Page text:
Forrester: The Future of Apple?

ITNews.com.au out of Australia is running an article today on a new report by Forrester entitled “The Future of Apple.” Rather than cite the ITNews article, here’s the abstract from Forrester:

Consumer product strategists frequently ask Forrester how Apple’s product strategy will evolve: What will Apple’s product portfolio look like five years from now, and how is Apple preparing for that future today? Forrester notes that Apple has completely remade itself from a PC maker to a consumer devices and digital music leader over the past eight years — thus setting the precedent for additional radical change over the next five. While there are a number of speculative industry hypotheses for the future of Apple — including scenarios like Apple as a media pure play or Apple as the “American Sony” — Forrester sees a future that ties together many of these hypotheses into a coherent consumer product strategy: Apple will aim to become the hub of the digital home, offering eight key products and services to connect PCs and digital content to the HDTV-stereo audio-visual infrastructure in consumers’ homes. To fulfill this strategy, we predict that Apple will launch new products, re-engineer the Apple Store, and expand into in-home installation services.

For those with Forrester access, the fulltext is available here.

Do I think they’re right? Maybe… Forrester rightly points out that Apple has never been into the idea of open platforms:

“Apple’s commitment to controlling the user experience through closed systems manifests itself in the locking of iPhones to outside applications and its unwillingness to license Mac OS X to clone makers.13 This inclination toward closed systems would inhibit mass-market success in the digital home, where a wide variety of manufacturers’ products must be tied together.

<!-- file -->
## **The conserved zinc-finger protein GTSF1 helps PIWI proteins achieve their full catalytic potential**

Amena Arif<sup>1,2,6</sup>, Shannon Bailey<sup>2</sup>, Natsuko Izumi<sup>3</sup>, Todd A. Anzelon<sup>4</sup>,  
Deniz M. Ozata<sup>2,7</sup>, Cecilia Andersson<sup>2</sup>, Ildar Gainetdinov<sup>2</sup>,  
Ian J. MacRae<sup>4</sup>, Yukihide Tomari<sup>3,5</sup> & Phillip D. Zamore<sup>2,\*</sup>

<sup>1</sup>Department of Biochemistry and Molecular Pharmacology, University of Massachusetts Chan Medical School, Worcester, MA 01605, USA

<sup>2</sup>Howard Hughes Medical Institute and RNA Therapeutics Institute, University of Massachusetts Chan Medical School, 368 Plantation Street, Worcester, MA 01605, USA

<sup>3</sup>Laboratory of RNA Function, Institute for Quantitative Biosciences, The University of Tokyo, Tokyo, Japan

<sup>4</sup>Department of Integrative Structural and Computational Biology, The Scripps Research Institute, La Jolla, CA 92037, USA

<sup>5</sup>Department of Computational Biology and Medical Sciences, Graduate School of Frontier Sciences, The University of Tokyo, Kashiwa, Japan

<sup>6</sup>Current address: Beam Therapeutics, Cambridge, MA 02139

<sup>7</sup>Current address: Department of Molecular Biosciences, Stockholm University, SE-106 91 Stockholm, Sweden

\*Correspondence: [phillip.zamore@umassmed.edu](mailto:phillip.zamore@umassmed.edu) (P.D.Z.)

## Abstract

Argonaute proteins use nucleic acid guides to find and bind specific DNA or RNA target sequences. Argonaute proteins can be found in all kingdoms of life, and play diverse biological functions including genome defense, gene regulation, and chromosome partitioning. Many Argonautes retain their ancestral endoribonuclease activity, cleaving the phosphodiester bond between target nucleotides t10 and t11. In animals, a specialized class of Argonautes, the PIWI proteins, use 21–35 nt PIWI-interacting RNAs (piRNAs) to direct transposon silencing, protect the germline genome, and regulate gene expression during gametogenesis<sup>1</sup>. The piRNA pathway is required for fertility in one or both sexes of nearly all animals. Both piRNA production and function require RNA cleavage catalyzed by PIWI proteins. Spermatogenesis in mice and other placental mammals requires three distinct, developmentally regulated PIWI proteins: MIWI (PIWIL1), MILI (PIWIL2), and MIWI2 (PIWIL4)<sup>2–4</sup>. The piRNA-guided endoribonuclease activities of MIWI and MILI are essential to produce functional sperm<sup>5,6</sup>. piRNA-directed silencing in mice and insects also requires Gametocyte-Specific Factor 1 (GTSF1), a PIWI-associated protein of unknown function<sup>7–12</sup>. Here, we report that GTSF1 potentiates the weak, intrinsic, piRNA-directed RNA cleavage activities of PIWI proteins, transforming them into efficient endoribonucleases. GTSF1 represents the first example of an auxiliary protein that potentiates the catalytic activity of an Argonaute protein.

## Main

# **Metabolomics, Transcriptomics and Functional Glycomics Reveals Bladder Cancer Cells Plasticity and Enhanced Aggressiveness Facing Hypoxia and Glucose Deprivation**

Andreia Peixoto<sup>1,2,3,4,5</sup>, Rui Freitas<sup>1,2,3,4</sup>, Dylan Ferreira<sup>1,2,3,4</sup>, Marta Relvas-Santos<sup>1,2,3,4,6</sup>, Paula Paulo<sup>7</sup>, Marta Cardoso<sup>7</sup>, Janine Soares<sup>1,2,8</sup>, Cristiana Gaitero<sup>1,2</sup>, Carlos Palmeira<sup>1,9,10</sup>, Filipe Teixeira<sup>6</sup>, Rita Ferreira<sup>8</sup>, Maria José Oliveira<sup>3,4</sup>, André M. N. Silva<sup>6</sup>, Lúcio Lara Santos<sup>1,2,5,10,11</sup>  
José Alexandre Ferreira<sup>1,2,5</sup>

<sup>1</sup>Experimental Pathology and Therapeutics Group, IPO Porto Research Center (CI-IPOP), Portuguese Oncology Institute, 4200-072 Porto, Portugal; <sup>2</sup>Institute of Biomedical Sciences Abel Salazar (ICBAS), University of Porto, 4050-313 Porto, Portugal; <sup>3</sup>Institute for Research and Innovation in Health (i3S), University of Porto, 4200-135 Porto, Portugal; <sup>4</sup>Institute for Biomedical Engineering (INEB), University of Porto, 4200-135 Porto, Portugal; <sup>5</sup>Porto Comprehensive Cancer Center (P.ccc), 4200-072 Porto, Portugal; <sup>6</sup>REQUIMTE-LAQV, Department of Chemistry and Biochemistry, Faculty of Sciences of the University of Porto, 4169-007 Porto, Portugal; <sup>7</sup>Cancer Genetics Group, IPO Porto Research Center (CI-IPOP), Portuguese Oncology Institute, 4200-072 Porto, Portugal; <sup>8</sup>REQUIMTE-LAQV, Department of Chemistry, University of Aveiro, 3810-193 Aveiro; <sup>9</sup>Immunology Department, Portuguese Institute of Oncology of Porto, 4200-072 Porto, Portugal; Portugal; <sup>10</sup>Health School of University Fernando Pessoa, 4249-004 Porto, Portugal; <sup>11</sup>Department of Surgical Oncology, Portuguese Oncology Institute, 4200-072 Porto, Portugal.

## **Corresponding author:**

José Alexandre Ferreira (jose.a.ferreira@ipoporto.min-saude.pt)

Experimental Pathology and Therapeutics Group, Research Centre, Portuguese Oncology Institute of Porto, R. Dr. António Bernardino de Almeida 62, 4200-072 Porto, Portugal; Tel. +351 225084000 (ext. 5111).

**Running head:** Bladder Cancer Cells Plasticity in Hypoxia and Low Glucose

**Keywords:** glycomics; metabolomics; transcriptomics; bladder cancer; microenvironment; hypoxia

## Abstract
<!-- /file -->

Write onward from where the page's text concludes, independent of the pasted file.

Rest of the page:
Interestingly, however, this is not truly the case. Apple’s flagship computing product, the iMac, is essentially an open platform. Indeed, Apple’s computing products are a hardware-software solution designed for delivering services. Early services include media delivery (iTunes, AppleTV, iPod, iPhone), while the commitment to A/V production (iMovie, Garage Band, iDVD, Aperture, Final Cut Studio, Logic) continue to grow, even to the point of causing credible speculation that Apple will buy Adobe. With the end-user software-hardware platform, Apple satisfies the delivery, or the conduit part of the ‘triple-C’ trifecta. With their media aggregation and production software, they hit the content portion. It’s the Commerce part that they’re after next, and it’s the one that’s the brass ring. They’ve started with the iTunes store, but I think that’s not the end of it. The real prize is the end consumer.

While the Forrester article argues that Apple won’t go after Cloud computing, I believe Apple wants to use .Mac as their entry point to the Platformization of the their products to enable services. I’ve wondered aloud about the play for Safari and .Mac, and this article brings it into sharp focus. Forrester speaks to this, albeit dismissivley:

The era of cloud computing is dawning, with more and more applications being delivered over the Web… Apple already is a great software company, from OS X to .Mac platform applications to iTunes. Perhaps that’s exactly why this won’t be Apple’s future: Software always has been, and will continue to be, integral to what Apple does. There’s no need to pivot strategically, and it’s di?cult to imagine Apple foreswearing its virtuosity in developing stylish hardware. Apple’s strong suit continues to be in integrating software and hardware into one continuous, best-in-class user experience.

The future of computing is pervasiveness, and connecting a personal computing experience from the living room to the subway to the office is going to require a very cloud-like platform strategy. This strategy requires a framework for the services that will make up that pervasive experience. RIght now, digital media, whether professionally or personally produced represents a cornerstone and a gateway.

Just as the Mac is only as good as the software that runs on it (Adobe’s Creative Suite is a prime example, as are Panic’s great applications), the end-to-end computing experience will require value-driven applications beyond word processing, media, and media creation. And here’s the rub. Apple can’t build ’em all.

I believe Apple built their Final Cut Suite and Logic to raise the bar and help their OS compete with SGI, Sun and Microsoft. I believe Apple is architecting it’s next play to compete with Google and possible Microsoft. They know the only way they’ll compete is to define the leading value proposition for the industry and own the relationship between consumer and computer. This leads me to a new acronym based on one borrowed from the customer service sector: VEBCAK: Value Exists Between Chair And Keyboard.

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